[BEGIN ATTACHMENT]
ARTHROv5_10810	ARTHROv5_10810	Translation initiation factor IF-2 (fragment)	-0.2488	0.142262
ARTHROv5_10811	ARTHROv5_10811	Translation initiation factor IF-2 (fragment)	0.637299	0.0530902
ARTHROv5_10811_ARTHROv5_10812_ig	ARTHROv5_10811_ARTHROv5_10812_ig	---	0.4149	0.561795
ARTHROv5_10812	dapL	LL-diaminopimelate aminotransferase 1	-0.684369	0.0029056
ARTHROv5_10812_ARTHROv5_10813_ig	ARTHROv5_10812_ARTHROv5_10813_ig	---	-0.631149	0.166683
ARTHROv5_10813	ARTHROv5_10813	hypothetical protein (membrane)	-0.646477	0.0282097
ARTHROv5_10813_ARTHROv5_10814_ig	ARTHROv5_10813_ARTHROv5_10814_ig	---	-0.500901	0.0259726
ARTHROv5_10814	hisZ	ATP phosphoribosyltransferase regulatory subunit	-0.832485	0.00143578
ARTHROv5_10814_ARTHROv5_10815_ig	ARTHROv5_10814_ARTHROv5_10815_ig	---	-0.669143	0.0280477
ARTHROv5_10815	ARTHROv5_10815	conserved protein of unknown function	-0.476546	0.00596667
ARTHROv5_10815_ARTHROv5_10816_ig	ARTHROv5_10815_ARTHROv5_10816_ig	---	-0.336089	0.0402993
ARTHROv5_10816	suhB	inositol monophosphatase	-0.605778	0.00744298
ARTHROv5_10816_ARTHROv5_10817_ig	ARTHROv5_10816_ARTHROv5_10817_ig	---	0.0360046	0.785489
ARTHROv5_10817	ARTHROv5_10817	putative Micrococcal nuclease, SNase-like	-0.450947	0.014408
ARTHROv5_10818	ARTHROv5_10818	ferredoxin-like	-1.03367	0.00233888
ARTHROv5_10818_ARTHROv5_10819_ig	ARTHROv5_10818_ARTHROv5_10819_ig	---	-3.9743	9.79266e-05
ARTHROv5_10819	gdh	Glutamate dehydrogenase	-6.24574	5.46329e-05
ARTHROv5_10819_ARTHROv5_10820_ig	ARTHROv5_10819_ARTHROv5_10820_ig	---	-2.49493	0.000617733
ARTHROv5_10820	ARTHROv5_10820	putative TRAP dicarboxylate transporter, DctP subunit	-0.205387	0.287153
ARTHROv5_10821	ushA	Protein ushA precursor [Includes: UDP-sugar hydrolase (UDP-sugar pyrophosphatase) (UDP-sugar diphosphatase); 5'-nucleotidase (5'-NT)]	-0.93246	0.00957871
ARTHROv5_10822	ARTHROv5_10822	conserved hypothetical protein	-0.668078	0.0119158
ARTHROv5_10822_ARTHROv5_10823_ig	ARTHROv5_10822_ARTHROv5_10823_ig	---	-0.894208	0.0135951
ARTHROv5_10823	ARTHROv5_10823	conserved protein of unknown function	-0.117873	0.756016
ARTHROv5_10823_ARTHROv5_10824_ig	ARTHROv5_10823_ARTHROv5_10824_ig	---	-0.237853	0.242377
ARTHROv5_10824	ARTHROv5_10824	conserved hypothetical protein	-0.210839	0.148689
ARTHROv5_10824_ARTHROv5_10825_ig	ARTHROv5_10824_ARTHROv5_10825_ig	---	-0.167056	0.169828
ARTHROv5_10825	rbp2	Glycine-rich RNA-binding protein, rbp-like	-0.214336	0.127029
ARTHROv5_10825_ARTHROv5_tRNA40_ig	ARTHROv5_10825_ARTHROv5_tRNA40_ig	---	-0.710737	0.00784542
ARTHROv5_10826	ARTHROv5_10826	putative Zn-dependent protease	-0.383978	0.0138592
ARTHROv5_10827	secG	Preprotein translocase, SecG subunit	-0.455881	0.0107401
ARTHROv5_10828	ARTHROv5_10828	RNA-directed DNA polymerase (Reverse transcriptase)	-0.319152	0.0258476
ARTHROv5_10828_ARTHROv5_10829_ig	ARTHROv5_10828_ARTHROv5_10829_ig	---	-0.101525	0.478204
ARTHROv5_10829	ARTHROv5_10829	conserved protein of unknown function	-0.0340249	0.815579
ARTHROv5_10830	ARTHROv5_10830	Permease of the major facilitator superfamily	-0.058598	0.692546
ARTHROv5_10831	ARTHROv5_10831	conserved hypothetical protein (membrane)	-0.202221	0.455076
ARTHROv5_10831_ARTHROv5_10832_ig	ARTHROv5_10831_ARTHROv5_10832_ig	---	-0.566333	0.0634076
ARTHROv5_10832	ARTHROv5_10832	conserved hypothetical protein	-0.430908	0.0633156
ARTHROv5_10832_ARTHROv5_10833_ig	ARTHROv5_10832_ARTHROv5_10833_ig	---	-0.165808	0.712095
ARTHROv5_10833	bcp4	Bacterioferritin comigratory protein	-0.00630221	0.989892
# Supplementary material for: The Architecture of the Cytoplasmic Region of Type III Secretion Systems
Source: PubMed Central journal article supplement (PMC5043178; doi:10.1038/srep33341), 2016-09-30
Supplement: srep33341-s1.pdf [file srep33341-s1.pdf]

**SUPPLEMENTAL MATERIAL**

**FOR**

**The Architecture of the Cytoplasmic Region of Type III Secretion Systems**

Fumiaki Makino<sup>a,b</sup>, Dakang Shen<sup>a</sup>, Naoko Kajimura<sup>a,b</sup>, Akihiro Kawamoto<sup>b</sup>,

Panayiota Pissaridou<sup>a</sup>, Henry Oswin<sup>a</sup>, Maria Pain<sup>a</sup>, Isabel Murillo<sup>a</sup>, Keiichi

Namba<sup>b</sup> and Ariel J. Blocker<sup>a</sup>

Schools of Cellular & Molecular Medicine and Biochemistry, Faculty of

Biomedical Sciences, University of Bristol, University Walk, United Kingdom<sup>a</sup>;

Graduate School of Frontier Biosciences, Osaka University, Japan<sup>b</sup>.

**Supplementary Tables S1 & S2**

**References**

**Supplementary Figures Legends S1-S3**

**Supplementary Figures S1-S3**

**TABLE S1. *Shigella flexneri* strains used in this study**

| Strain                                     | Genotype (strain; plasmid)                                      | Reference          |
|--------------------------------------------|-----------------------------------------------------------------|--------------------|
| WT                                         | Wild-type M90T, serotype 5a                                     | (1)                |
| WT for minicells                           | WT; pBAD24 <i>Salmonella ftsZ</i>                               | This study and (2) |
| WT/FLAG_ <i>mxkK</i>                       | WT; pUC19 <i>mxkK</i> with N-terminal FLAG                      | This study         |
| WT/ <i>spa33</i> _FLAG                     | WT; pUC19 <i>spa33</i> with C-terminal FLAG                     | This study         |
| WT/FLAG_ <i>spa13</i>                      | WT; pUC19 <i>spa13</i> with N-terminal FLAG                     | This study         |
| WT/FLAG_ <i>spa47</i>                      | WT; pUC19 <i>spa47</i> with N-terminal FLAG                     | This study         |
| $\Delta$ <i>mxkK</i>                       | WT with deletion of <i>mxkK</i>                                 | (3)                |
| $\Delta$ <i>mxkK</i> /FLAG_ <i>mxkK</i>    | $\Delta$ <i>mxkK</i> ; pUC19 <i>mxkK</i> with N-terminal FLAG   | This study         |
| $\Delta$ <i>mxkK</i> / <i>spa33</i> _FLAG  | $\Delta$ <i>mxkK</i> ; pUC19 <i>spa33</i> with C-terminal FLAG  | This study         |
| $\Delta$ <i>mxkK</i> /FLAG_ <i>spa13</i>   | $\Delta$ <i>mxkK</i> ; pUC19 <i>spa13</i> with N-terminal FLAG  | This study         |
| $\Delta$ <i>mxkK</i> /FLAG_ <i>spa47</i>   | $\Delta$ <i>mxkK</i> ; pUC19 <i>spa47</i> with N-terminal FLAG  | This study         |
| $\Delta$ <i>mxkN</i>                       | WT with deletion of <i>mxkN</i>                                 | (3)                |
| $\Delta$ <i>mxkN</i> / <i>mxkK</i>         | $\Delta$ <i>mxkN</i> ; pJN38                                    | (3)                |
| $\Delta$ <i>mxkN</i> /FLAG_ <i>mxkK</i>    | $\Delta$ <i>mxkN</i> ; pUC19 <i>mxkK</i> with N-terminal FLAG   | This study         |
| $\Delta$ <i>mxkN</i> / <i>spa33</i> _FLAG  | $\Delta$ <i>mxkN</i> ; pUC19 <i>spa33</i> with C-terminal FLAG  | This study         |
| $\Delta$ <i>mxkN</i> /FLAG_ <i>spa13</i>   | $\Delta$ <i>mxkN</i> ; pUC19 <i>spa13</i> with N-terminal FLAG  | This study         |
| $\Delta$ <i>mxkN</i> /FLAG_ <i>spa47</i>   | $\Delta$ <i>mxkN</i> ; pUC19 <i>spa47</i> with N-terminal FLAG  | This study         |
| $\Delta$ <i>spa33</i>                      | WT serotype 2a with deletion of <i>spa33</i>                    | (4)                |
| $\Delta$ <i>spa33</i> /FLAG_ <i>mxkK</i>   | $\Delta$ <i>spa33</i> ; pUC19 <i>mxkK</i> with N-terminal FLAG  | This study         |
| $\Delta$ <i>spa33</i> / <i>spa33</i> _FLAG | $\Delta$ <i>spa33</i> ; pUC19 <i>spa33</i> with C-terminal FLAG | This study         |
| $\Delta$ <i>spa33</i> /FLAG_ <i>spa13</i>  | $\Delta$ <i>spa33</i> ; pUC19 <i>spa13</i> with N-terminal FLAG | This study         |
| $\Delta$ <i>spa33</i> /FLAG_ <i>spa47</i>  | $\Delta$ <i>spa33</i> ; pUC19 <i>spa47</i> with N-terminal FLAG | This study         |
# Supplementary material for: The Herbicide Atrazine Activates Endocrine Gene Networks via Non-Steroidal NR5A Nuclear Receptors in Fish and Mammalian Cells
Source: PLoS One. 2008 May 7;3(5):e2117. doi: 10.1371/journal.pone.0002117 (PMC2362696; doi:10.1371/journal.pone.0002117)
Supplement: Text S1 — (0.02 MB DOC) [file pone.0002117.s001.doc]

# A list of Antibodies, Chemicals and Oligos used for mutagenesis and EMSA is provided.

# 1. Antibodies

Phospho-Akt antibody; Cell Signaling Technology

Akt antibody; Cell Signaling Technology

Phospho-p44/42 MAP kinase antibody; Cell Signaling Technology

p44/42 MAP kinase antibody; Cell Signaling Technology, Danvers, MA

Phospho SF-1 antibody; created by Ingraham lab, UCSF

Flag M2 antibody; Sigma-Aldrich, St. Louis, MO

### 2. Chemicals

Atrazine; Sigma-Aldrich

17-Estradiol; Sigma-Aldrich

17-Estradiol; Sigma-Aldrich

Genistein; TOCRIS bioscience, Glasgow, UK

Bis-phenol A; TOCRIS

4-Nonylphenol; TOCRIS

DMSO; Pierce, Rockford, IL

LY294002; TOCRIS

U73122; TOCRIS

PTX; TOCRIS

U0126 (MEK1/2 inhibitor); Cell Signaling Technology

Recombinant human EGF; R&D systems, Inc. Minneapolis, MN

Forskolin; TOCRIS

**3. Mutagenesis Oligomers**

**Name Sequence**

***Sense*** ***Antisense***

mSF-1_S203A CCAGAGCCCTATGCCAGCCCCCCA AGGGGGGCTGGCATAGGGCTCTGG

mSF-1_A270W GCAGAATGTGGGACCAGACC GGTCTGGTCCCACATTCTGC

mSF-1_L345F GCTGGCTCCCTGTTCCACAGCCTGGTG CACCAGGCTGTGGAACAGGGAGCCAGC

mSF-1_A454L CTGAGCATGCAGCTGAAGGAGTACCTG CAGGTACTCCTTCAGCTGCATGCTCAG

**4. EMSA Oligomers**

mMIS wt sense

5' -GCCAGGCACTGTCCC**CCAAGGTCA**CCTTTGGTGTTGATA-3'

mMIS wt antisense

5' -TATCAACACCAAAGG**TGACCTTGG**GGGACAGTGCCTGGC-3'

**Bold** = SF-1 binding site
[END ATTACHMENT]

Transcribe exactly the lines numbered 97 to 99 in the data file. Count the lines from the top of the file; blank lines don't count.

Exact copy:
Bis-phenol A; TOCRIS

4-Nonylphenol; TOCRIS

DMSO; Pierce, Rockford, IL